WATCH MOVEMENTS 101 | CAN’T TELL A QUARTZ FROM AN AUTOMATIC? HERE’S WHAT YOU NEED TO KNOW
by JEREMY FREED
A watch has many parts, but the most important of them by far is its movement. A movement is composed of many pieces (hundreds in some cases) and it is the driving force behind your watch, moving the hands and keeping time accurately day in, day out. While watch technology has been eclipsed by smartphones and other digital devices in recent years, it’s still pretty fascinating when you get down to it – especially considering that people were making accurate watches long before they could design them on computers. Not all movements, however, are alike.
This guide will help you differentiate between the most common kinds, and appreciate the merits of each.
A mechanical movement, also called a “manual-wind” or “hand-winding” movement, is the oldest kind of watch movement still in use, and it’s usually found in vintage reboots or very high-end watches. Like automatic movements, a mechanical watch is powered by a mainspring, a thin coil of metal which unwinds at a steady rate, and delivers its store of power to the other components that make your watch tick. Unlike an automatic watch, a mechanical watch requires regular winding, but fans of these movements often say they enjoy the ritual of winding a watch everyday as it allows them to interact with it more directly than automatic or quartz-powered watches. Also, as with automatic watches, mechanical ones have seconds hands that “sweep” rather than ticking.
Most luxury watches feature automatic movements, which are mechanical movements that wind themselves automatically with the movement of your body. Most automatic watches are wound via a rotor, a semi-circular piece of metal often visible through a watch’s display case back. Invented in the 1700s and originally used in pocket watches, this remarkable innovation benefits from being worn on the wrist by collecting and storing energy any time you move your arm. Automatic movements can also store a finite amount of energy in their mainsprings which determines how long they’ll run between wears. This is called the “power reserve,” and having one of 60 hours or more comes in especially handy if you take off your watch for the weekend by saving you the trouble of having to reset the date and time on Monday morning.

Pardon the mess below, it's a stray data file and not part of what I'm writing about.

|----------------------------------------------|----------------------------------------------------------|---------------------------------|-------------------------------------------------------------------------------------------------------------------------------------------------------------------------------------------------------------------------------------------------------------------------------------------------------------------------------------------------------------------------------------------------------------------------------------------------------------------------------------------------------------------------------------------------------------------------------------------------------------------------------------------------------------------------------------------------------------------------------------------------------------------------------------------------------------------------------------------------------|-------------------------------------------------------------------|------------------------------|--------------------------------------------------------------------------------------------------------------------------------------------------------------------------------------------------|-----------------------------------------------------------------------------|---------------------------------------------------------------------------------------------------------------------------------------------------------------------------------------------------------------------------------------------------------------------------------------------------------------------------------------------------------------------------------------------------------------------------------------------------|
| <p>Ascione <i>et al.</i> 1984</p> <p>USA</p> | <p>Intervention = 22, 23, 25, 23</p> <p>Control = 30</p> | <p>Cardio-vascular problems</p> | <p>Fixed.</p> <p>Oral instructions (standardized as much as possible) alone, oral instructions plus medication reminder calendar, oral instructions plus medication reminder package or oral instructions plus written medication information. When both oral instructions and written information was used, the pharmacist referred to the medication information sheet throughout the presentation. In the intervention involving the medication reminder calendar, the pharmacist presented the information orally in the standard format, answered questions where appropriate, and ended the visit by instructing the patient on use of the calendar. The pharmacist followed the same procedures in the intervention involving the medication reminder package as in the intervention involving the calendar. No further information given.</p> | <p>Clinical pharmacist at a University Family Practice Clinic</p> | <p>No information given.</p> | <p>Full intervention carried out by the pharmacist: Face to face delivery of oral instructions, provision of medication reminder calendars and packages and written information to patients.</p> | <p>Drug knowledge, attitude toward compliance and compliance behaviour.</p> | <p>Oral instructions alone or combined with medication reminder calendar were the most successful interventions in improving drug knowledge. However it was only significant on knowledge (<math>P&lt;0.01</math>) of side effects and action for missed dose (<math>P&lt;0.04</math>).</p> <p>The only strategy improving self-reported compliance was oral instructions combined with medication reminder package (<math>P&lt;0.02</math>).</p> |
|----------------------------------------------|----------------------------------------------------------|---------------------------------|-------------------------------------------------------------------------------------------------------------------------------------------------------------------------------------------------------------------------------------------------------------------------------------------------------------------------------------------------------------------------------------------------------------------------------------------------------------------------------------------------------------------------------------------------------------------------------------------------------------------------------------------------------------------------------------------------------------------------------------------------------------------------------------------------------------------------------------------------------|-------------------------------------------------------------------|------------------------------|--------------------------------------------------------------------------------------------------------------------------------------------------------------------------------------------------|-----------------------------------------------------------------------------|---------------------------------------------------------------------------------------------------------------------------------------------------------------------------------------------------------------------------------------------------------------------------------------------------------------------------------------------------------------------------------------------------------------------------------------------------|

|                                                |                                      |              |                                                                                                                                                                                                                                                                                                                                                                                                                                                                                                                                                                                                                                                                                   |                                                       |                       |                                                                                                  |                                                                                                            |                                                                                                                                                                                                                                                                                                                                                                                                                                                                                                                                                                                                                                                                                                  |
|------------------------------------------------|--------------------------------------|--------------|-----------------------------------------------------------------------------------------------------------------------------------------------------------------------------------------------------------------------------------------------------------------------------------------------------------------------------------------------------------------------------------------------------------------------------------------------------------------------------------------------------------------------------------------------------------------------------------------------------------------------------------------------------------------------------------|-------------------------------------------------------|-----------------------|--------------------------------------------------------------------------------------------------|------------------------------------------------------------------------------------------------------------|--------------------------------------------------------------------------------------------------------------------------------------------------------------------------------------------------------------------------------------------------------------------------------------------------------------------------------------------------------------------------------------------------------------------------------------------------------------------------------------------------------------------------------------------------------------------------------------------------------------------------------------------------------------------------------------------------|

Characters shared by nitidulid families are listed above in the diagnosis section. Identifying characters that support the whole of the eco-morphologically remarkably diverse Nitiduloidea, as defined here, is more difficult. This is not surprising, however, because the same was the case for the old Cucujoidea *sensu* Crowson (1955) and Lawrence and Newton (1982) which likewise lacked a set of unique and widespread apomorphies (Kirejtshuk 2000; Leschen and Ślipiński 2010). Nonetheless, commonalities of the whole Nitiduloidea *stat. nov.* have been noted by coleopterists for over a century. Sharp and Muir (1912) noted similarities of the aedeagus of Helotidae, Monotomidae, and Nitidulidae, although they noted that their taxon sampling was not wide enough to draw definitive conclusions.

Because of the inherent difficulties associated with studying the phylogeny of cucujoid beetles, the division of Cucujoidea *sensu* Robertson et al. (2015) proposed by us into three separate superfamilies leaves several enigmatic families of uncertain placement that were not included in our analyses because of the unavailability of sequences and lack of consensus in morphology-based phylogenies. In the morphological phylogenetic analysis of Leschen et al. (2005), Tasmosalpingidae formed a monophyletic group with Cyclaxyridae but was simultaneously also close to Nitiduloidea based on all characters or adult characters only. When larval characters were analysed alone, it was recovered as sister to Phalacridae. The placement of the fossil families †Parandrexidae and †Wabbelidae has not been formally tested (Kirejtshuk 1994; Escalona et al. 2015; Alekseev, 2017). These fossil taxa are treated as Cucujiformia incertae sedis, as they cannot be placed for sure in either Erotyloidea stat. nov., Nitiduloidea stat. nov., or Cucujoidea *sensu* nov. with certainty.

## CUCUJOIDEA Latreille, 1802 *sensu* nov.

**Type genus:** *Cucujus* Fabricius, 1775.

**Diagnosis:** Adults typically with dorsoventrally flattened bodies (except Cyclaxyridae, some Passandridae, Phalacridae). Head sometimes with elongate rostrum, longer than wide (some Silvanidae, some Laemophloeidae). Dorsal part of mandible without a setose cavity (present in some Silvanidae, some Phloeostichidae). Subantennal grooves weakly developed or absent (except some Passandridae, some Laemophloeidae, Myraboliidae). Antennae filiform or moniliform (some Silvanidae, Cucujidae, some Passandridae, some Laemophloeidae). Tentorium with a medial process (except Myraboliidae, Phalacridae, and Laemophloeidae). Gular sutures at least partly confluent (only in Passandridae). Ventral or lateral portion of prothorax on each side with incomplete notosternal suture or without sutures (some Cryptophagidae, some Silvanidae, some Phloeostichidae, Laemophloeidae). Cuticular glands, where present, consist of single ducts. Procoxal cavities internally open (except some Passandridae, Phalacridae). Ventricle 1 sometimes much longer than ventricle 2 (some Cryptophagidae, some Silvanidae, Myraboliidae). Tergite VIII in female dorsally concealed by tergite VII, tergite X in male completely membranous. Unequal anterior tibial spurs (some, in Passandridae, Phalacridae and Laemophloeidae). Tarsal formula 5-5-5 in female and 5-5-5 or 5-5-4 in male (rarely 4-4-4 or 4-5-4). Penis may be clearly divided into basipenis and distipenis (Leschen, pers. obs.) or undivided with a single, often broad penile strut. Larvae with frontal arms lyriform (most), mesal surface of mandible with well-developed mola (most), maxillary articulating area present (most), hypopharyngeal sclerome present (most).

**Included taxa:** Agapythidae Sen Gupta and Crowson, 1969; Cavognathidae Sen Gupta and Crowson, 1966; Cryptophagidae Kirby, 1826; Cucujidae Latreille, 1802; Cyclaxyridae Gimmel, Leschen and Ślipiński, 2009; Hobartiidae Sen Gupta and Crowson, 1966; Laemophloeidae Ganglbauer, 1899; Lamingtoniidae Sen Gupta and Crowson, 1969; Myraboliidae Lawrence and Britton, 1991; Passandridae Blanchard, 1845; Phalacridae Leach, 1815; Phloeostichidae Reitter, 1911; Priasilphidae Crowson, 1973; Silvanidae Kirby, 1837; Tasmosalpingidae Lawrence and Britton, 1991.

Among the biggest innovations in the watch industry was the introduction of quartz movements in the 1970s, a disruption which almost destroyed the traditional watchmaking industry. The technology works by using a battery to send an electrical charge through a crystal, which vibrates at a specific frequency. Those vibrations are then used to move a gear train connected to the watch’s hands. There’s much more to it than that, but more importantly than how it works is what it offers. Not only are quartz watches much cheaper to produce, requiring few moving parts and less hand-assembly, they are also far more accurate than mechanical or automatic ones. Aside from requiring a new battery every few years (unless it’s a solar-powered watch, of course) quartz watches will run pretty much forever without missing a beat. And because they have fewer moving parts, they’re also much more robust than their mechanical and automatic siblings.
Featured watch GLASHÜTTE ORIGINAL PANOMATIC 19210010362
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